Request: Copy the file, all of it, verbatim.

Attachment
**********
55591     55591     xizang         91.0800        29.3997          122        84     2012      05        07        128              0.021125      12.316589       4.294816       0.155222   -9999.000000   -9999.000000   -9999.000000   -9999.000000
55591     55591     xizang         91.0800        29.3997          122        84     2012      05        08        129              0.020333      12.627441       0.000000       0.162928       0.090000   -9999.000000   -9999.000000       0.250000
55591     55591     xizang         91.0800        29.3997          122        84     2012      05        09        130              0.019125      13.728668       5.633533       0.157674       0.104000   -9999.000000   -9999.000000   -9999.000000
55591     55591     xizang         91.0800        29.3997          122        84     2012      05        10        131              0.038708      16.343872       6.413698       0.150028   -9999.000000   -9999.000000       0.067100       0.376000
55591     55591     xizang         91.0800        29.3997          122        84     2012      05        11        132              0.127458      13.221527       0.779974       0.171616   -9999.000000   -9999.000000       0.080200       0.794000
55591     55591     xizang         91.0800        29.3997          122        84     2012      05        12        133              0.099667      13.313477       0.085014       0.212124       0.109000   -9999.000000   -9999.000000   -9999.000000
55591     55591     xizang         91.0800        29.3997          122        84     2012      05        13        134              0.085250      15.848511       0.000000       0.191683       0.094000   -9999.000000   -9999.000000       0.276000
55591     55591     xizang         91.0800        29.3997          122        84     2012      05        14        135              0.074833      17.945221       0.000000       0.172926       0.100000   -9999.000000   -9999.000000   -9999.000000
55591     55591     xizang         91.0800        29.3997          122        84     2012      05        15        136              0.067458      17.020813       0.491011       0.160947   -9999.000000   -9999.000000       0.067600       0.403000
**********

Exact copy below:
55591     55591     xizang         91.0800        29.3997          122        84     2012      05        07        128              0.021125      12.316589       4.294816       0.155222   -9999.000000   -9999.000000   -9999.000000   -9999.000000
55591     55591     xizang         91.0800        29.3997          122        84     2012      05        08        129              0.020333      12.627441       0.000000       0.162928       0.090000   -9999.000000   -9999.000000       0.250000
55591     55591     xizang         91.0800        29.3997          122        84     2012      05        09        130              0.019125      13.728668       5.633533       0.157674       0.104000   -9999.000000   -9999.000000   -9999.000000
55591     55591     xizang         91.0800        29.3997          122        84     2012      05        10        131              0.038708      16.343872       6.413698       0.150028   -9999.000000   -9999.000000       0.067100       0.376000
55591     55591     xizang         91.0800        29.3997          122        84     2012      05        11        132              0.127458      13.221527       0.779974       0.171616   -9999.000000   -9999.000000       0.080200       0.794000
55591     55591     xizang         91.0800        29.3997          122        84     2012      05        12        133              0.099667      13.313477       0.085014       0.212124       0.109000   -9999.000000   -9999.000000   -9999.000000
55591     55591     xizang         91.0800        29.3997          122        84     2012      05        13        134              0.085250      15.848511       0.000000       0.191683       0.094000   -9999.000000   -9999.000000       0.276000
55591     55591     xizang         91.0800        29.3997          122        84     2012      05        14        135              0.074833      17.945221       0.000000       0.172926       0.100000   -9999.000000   -9999.000000   -9999.000000
55591     55591     xizang         91.0800        29.3997          122        84     2012      05        15        136              0.067458      17.020813       0.491011       0.160947   -9999.000000   -9999.000000       0.067600       0.403000